Everything changed when pandemic struck the Philippines in 2020.
No industry was left untouched by the ongoing COVID-19 disaster that the world is still battling until today.
While the world is on a race in finding the vaccine, several countries are slowly shaping up once again.
It’s a peculiar scenario here in the Philippines. Our government is still figuring out how to control the spread of the pandemic while trying to balance the economy.
Back in March, when the cases were slowly increasing to a few dozens, classes were halted. The education sector was figuring out how to finish the academic year, and the way they did this was to move all the classes online.
Five months later, the Department of Education is now planning to open the classes before the month ends. Enrollment is ongoing.
As of August 11, the Philippines had 139,538 total cases and 68,794 active cases nationwide.
The question that many are wondering: is the Philippines ready for online learning?
My Online Learning Experience
As a technology enthusiast, I have been particularly interested in online classes long before 2020. For example, I have been learning digital marketing without actually taking a marketing class in college.
I was fortunate enough to have the time and resources to learn digital marketing with the help of Google, the internet, and my laptop at home. That was back in 2013.
It’s a different case for those who are from families that are still trying to meet both ends, especially with the pandemic in the background.
I didn’t have my own laptop until I was in college. I wasn’t born from a family who can afford to buy gadgets instantly when I want to. In fact, I saved for my own smartphone in high school and laptop in college. It has been like that since.
Education During this Pandemic
I understand that the government just wanted the youth to continue learning this pandemic.
The problem is how online learning is being implemented. Families are forced to take action even without the money for the love of their children.
I cannot imagine becoming a parent of a child who wanted to go to school because all their classmates are already enrolled. It’s probably just peer pressure.
My mother is a public school Kindergarten teacher, so I have a clear picture of the education system from her perspective. The students will have an option to choose online learning or modular learning for this academic year.
Online learning is more ideal than modular for those in junior and senior high school. This is when students should have the internet to access various online activities. From time to time, there will be virtual classrooms that students can meet and participate in the discussion.
Digital Classroom Without Internet
Most of my mother’s pupils preferred to opt for modular learning instead of online learning. This is not shocking as her school is actually in a mountain barangay in our locality.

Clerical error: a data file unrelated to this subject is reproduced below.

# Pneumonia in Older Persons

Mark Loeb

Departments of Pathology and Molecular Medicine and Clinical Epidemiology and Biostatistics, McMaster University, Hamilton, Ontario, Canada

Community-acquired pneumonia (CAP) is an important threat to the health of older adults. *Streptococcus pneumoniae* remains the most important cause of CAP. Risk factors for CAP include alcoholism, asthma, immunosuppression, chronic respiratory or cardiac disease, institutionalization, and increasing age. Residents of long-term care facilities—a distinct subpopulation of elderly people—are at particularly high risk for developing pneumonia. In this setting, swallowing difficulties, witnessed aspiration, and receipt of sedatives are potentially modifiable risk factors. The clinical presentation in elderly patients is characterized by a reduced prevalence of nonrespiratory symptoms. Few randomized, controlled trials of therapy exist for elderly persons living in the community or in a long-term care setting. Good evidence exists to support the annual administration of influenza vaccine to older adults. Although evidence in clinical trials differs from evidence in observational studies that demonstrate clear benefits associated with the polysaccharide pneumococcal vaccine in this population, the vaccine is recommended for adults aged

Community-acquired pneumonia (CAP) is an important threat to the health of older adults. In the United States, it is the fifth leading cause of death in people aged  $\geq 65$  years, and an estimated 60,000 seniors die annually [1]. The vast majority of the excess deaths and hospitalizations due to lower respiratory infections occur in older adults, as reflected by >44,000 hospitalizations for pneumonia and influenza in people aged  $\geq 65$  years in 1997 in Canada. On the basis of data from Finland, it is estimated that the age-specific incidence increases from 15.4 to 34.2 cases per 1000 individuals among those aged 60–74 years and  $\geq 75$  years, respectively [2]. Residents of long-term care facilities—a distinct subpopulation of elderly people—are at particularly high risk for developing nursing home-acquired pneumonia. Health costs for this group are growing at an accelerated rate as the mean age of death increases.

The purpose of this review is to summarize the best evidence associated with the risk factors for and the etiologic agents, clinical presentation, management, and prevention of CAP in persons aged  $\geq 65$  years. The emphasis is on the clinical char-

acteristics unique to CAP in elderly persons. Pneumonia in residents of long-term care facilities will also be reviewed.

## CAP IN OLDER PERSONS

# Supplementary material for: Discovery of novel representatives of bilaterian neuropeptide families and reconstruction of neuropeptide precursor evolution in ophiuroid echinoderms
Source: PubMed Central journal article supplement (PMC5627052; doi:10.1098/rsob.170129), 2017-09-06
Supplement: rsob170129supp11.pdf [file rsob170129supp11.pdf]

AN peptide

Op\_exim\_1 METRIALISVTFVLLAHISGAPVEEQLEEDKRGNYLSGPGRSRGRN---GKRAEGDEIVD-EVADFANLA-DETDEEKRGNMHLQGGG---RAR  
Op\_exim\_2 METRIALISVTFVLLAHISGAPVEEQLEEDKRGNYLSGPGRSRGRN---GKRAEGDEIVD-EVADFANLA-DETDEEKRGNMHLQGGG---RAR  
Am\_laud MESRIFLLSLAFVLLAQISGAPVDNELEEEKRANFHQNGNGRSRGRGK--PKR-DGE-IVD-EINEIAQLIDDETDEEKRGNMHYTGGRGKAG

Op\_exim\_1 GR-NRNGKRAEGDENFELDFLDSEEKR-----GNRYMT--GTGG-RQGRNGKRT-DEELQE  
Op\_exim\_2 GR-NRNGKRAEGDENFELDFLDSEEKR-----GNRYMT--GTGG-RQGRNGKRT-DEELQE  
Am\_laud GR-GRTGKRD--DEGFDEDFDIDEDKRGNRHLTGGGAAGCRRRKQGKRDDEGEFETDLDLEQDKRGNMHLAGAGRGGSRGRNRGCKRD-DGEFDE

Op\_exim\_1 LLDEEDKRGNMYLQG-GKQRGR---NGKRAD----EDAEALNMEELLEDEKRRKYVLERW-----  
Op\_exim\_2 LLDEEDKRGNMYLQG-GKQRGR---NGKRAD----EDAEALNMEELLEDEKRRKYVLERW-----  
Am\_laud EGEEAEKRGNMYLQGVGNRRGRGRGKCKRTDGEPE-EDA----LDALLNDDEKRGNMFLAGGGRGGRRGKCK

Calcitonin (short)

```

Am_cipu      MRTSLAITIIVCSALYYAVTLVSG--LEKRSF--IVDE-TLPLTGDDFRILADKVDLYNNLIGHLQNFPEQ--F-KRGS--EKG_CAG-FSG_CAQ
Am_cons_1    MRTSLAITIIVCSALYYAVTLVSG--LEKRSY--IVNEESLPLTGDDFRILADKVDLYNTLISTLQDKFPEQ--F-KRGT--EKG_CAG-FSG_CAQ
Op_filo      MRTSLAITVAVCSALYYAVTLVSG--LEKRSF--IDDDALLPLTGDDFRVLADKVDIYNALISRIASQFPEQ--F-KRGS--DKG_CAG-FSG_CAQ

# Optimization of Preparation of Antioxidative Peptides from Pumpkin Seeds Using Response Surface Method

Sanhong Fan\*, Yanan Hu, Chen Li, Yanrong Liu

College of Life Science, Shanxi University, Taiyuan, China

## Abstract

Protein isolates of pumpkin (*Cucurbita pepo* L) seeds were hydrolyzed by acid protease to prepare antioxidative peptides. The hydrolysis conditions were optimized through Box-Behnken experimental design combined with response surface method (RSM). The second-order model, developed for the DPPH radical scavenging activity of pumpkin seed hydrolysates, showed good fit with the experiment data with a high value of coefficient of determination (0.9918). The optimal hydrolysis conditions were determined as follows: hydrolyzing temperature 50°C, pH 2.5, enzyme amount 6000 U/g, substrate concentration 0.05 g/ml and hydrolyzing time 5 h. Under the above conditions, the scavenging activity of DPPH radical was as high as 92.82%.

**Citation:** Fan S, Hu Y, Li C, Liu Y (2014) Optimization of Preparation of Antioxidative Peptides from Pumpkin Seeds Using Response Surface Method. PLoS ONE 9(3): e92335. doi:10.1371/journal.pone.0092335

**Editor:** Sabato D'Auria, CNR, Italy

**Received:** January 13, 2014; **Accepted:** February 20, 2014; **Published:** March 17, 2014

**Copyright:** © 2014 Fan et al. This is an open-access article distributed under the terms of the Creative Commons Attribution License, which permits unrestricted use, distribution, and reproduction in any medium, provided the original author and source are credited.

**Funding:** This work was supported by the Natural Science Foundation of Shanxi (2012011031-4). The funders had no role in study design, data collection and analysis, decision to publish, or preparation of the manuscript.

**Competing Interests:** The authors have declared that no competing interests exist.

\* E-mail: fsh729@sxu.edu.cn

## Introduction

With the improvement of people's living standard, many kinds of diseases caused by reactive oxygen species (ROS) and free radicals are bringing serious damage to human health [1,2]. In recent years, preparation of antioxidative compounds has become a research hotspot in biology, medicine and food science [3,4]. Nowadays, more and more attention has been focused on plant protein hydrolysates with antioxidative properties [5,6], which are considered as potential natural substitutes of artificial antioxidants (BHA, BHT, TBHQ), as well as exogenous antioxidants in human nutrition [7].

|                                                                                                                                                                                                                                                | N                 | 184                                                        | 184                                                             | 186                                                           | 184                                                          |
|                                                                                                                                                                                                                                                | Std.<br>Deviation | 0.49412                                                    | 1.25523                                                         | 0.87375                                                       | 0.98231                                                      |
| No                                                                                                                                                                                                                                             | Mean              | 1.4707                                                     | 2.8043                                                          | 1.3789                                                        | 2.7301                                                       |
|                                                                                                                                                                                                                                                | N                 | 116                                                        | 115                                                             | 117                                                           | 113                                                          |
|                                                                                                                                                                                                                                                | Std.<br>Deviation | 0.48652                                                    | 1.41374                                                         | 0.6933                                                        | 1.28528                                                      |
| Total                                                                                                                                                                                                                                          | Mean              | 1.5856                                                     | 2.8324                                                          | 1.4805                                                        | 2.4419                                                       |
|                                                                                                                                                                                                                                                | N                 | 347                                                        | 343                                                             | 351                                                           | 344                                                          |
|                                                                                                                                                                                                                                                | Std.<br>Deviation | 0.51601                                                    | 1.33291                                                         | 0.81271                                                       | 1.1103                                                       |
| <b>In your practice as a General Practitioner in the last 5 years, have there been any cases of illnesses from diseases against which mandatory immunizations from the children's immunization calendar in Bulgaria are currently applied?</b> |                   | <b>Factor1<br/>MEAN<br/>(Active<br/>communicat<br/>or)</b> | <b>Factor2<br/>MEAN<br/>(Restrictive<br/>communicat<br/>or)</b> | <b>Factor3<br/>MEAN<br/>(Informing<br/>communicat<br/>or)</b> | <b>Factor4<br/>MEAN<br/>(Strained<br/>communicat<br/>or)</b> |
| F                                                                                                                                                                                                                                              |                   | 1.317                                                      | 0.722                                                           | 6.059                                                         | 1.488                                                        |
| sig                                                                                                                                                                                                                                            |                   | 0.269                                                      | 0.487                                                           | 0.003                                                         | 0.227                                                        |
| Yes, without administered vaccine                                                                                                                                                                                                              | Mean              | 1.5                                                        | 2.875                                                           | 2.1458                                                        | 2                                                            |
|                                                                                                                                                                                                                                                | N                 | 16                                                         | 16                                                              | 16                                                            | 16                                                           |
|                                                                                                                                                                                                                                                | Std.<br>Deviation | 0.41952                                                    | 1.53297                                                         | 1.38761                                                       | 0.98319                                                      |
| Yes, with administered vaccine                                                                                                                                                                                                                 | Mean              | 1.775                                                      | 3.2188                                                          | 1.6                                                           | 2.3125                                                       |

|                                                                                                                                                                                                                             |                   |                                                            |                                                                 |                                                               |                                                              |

Modular learning is creating activity materials that will be distributed to the pupils and will then be collected after a period of time for checking. The parents of these children will act as tutors to help them with their lessons.
The risk is on the teachers who have to go house-to-house for the distribution of these modules.
Free Digital Courses (No Enrollment Fee)
What if I decide not to enroll this year, is there still a way for me to continue learning?
I have heard this question many times, and here’s my answer: yes, you can still learn even without enrolling this academic year.
If you’re familiar with platforms like Udemy, Skillshare, Google Digital Garage, Canva Design School, Facebook Blueprint… you know exactly what I’m talking about.
It’s not your usual school where you need to pay thousands of pesos of tuition fees. In fact, most of these courses can be taken for free.
My crazy idea is that until things get back to normal, consider online learning that won’t cost that much money.
You might actually learn more from these online courses.
A Distress Call for Help
To answer the question if the Philippines is ready for online learning, we have to take into consideration the various types of students involved.
If some students tend to learn slower than others in a physical classroom setup, what do you think will happen if these students will have the opportunity to watch videos while attending their online classes?
The teachers need help. Not everyone can fully understand how this online medium works.
The parents need help. Not everyone can afford to pay for tuition and school resources.
The students need help. Not everyone can focus on the lessons from their homes.
More than anything, pursuing online classes this academic year 2020-2011 is definitely a test whether our country is ready for such drastic digital shift.